After the exchange, I still had an unresponsive yellow cymbal. It was "dead" on one side...no problem though, switched it with the orange cymbal and it's much easier to reach the "good" side.

    But the pedal...ferchrissake that thing sucks. Moves all over the floor and it's WAY too sensitive. My style may be to blame, but I learned to play RB drums keeping my foot down on the pedal and "bouncing". That's impossible with this pedal. The simple act of raising my foot often triggers a bass kick and once again it's impossible to hold a streak. I wish I could use my RB pedal with the GHWT kit. I like the kit better (more stuff to do and "real" cymbals) but the foot pedal makes playing drums impossible.

    I actually found this article hoping to uncover some tricks for the pedal since I'm not the only person with this issue (Google is rife with people having the same complaint and two of my friends who bought the game are in agreement with me). I like the song selection better in GHWT but not being able to play drums is literally breaking my heart.

    /sigh
    Reply
  • jdport - Thursday, November 06, 2008 - link


    It kind of bothers me when people write stuff about how Guitar Hero is the original franchise, that players "cut their teeth on". As I'm sure you know, this is true in name only. The creators of the original Guitar Hero moved on to Rock Band, so while "Guitar Hero" maybe have been the original... Guitar Hero World Tour shares nothing in common with it other than its name and the basic concept.

    Also, the Rock Band 2 guitars and drums do have a hook up for the XBL headset. You just have to use the adapter that is supplied with the game instead of using the standard plug.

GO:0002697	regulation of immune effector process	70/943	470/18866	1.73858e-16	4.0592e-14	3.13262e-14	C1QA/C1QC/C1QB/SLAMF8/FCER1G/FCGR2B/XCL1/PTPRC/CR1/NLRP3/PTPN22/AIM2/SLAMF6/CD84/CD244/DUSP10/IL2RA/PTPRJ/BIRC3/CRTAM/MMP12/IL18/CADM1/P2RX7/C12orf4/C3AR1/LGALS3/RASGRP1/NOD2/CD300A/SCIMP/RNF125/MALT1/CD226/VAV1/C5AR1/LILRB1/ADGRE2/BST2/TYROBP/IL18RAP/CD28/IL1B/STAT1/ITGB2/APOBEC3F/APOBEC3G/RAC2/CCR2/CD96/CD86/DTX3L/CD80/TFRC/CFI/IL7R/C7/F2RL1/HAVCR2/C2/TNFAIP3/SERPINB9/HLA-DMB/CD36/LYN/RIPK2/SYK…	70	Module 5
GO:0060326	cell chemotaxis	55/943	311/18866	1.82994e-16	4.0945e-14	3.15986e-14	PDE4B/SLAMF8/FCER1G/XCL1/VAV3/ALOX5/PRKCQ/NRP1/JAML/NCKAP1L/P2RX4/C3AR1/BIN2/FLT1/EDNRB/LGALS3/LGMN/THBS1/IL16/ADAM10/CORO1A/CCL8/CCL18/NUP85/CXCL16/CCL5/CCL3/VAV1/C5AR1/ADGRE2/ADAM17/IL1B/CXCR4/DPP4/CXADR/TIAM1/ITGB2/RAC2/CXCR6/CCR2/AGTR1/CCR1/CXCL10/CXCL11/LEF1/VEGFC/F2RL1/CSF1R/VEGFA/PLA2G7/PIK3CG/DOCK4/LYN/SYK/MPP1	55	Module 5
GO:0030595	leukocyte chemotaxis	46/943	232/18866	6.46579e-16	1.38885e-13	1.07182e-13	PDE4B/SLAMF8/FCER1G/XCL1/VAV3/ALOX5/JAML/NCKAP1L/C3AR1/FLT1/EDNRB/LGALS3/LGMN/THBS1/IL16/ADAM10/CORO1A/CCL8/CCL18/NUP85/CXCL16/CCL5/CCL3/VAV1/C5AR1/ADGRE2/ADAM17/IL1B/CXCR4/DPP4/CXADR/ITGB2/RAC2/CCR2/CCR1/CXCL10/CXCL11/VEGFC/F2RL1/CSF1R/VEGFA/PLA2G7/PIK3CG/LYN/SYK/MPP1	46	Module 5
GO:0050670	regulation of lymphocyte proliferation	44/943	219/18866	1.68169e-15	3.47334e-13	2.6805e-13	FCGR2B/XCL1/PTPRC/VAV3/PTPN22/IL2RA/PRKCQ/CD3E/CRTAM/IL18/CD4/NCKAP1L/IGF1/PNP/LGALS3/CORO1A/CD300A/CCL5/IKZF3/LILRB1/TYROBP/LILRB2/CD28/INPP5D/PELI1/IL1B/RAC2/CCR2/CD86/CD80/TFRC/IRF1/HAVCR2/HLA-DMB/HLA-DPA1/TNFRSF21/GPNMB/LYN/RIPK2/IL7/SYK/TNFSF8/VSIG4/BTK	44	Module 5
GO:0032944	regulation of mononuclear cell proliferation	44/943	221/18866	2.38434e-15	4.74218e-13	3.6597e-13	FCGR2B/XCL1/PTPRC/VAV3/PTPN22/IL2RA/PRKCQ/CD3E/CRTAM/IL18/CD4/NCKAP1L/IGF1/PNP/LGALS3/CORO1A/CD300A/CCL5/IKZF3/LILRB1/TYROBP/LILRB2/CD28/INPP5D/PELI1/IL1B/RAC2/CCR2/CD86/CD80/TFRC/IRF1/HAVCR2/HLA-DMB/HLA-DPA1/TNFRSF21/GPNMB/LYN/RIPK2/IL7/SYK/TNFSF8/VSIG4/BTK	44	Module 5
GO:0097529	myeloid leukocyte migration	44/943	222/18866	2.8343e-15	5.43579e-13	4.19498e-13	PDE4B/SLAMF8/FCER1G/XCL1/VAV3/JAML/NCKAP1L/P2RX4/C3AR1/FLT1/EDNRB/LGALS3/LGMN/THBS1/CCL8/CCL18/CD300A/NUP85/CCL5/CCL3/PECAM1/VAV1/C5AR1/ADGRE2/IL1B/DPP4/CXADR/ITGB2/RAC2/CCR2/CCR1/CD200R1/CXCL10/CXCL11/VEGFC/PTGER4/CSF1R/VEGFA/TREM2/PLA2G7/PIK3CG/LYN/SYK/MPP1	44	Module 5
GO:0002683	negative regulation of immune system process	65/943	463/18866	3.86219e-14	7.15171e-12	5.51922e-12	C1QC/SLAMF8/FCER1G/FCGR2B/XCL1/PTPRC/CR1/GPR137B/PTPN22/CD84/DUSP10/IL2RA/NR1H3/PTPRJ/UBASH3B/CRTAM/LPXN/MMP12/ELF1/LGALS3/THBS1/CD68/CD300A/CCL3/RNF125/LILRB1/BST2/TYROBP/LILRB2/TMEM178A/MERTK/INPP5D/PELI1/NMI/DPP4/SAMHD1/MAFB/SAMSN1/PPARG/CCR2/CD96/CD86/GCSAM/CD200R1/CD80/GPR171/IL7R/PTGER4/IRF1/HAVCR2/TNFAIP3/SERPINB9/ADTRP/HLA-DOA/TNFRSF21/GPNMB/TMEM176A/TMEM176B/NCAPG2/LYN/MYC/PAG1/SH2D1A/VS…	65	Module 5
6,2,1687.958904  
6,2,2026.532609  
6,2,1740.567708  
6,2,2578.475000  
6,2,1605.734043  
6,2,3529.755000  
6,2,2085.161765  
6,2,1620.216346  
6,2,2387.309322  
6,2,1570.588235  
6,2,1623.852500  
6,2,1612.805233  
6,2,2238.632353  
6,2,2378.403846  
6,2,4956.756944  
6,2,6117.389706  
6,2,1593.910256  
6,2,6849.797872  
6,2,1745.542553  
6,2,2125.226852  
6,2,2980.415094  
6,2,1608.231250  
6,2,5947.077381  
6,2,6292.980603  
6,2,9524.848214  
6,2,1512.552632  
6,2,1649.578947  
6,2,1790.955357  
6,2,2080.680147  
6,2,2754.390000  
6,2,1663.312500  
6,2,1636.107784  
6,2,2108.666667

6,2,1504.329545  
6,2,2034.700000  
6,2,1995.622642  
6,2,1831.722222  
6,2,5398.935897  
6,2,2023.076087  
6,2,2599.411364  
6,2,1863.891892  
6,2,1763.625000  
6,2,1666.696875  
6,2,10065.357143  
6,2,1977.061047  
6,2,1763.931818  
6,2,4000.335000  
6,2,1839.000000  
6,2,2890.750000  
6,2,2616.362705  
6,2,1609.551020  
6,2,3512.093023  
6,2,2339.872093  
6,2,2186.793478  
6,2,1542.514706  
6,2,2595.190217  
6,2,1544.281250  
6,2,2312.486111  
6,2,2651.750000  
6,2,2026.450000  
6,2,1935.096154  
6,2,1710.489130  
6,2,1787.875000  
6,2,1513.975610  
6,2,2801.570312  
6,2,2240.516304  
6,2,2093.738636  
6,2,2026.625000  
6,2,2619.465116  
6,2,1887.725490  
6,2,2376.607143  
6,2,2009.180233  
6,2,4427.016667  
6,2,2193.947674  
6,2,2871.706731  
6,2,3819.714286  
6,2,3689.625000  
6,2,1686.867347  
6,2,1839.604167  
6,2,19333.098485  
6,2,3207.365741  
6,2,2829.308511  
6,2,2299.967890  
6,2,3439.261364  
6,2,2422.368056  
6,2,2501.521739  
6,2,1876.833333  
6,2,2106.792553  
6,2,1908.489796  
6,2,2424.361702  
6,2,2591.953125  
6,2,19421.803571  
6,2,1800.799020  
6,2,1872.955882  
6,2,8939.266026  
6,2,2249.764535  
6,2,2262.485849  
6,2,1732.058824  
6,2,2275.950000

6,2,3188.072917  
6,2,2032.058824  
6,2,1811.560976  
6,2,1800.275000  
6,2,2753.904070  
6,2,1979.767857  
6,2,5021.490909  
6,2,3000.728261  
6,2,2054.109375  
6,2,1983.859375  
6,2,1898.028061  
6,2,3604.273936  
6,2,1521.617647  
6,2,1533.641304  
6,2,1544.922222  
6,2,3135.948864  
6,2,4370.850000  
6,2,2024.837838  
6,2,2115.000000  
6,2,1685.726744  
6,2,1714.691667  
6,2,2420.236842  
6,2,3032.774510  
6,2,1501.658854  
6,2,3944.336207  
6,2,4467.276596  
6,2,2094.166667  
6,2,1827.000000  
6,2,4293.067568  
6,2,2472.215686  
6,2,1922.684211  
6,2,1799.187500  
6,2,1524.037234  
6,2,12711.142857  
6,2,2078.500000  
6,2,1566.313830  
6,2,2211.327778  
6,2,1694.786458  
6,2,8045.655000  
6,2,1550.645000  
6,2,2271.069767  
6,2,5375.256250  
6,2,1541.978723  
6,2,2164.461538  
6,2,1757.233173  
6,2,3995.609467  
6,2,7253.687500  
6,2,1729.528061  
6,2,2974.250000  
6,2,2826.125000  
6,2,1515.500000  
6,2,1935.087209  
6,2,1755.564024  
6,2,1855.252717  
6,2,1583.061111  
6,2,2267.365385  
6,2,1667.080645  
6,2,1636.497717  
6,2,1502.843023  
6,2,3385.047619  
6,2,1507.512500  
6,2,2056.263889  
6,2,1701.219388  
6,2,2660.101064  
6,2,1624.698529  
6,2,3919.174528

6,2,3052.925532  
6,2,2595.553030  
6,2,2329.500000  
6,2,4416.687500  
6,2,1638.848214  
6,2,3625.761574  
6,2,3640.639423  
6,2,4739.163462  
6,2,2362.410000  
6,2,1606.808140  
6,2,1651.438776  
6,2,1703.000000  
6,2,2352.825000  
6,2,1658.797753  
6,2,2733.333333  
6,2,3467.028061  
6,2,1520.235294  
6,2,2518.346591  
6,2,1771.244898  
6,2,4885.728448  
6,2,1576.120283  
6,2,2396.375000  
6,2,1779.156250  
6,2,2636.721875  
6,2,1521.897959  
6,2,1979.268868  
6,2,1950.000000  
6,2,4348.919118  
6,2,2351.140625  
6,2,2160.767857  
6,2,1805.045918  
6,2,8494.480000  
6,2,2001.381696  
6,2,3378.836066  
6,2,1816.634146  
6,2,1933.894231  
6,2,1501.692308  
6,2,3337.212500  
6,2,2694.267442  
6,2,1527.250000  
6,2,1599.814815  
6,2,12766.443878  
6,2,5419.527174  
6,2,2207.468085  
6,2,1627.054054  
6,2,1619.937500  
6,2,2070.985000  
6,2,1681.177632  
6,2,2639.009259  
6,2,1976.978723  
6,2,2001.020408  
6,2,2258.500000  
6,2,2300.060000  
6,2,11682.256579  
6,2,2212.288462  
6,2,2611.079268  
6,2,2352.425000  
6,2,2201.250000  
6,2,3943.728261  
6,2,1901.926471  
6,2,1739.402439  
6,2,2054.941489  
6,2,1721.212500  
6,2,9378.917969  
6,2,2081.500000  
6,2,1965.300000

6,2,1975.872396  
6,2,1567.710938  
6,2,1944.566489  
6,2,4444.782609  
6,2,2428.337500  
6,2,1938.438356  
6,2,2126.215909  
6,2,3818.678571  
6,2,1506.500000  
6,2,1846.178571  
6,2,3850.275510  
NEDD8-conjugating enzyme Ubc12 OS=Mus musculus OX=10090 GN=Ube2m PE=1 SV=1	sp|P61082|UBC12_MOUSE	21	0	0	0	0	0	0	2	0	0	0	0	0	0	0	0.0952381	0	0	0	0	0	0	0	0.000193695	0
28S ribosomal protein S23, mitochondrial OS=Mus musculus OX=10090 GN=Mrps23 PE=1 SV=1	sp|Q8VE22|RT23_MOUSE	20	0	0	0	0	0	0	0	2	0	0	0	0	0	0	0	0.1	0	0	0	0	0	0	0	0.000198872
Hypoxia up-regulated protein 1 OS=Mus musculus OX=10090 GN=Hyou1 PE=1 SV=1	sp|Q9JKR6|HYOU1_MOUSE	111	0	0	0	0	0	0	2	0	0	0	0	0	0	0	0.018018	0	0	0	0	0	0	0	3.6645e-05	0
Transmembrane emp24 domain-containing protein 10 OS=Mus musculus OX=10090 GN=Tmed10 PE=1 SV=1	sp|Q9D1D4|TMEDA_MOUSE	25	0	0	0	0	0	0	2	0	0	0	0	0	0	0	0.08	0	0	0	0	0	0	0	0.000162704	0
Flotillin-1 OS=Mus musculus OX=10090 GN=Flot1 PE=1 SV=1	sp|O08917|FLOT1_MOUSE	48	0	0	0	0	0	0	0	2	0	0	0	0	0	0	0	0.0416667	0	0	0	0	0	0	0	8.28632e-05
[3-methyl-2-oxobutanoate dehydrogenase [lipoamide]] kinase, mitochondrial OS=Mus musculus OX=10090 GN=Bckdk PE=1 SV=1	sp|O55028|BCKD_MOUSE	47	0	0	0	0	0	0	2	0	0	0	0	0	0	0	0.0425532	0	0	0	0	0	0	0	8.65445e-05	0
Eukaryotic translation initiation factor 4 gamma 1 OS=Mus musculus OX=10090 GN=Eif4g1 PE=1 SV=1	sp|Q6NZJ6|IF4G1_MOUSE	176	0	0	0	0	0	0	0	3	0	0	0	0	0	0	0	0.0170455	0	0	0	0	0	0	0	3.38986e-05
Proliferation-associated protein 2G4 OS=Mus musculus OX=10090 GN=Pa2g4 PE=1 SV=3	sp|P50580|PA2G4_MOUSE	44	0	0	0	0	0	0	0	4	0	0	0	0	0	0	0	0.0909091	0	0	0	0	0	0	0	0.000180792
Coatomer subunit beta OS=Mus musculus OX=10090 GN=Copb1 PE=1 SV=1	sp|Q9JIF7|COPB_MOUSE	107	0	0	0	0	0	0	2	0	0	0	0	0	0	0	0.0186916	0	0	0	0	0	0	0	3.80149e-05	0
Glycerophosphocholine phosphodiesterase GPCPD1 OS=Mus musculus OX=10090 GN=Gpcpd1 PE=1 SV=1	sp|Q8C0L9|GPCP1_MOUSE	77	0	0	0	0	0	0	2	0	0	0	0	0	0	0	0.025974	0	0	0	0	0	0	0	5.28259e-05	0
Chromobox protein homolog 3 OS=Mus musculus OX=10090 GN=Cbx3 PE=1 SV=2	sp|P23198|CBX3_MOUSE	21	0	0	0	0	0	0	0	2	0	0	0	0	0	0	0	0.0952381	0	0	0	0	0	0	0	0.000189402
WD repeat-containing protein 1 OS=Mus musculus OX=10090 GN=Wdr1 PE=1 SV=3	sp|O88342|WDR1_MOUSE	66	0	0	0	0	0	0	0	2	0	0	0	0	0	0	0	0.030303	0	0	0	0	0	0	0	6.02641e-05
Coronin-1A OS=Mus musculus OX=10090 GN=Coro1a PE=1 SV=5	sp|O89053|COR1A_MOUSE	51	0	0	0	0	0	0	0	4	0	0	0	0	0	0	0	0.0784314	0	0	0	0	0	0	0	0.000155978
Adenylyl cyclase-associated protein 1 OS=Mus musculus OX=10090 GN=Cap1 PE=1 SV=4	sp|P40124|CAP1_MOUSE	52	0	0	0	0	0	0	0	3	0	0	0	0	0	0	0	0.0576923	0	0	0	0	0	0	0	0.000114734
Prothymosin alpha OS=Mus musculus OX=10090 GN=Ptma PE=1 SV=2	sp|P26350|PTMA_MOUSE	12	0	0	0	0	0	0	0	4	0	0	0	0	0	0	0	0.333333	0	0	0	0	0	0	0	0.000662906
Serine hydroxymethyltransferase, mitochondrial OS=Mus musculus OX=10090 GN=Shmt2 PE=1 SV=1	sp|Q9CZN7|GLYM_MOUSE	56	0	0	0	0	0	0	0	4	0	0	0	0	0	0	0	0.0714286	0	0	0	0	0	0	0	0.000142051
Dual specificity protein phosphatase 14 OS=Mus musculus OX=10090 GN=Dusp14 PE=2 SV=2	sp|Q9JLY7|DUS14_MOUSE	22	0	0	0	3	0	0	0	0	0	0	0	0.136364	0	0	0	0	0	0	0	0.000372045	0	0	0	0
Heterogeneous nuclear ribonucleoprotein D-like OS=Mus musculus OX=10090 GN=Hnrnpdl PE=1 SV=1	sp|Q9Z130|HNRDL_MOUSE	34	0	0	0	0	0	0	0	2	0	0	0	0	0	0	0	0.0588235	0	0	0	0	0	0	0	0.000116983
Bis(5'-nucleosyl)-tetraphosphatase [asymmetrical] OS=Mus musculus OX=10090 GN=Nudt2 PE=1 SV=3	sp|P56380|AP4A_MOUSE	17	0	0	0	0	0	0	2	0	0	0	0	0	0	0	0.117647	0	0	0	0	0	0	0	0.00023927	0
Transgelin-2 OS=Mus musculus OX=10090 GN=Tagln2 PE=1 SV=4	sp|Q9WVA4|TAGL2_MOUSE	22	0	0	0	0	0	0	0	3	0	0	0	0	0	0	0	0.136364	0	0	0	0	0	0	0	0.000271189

Reply
  • bootay69 - Friday, November 07, 2008 - link

    I use the standard plug...the adapter is not necessary. Reply
  • afkrotch - Wednesday, November 05, 2008 - link

    FYI: Guitar Freaks, Drummania, Piano Freaks, etc. Wiki Bemani. Now Guitar Hero was probably the first music game to be in the US, aside from DDR. Reply
  • EODetroit - Tuesday, November 04, 2008 - link

    Honestly I'll never play more than two player mode, so I don't see the point of buying anything beyond my GH3 game.

    But I do like the commercial that I saw during MNF last night.
    Reply
  • MaverickSY19 - Monday, November 03, 2008 - link

    Honestly I like RB 1 and 2 better for the reason that they are not to hard! I mean a lot of us can't play expert at all let alone breeze though it. I honestly like playing the songs and having fun with it, because as a kid we all did the air guitar and its nice to actually play a song with a fake one you can at least hold on to. :)

    Shoot I'll be happy when I can play RB or GH through all the way on hard let alone Expert. Shoot my wife can't even do easy :P I have yet to try her on the beginner level they added to GHWT.
    Reply
  • crash resistant - Monday, November 03, 2008 - link

    GH isn't harder. It's more pure. RB has silly drum solos in the middle of every song, even on Expert.

    Singing in GH is harder, as you have to sing more to gain points- and there aren't cheesy tambourine solos that last what feels like forever.

    I guess, it's true- GH requires more skill to attain higher scores- but it's relative to the game itself- You can't relate the score system to RB!

    If you want to party, buy all 3 games. I'm telling you the truth.
    Reply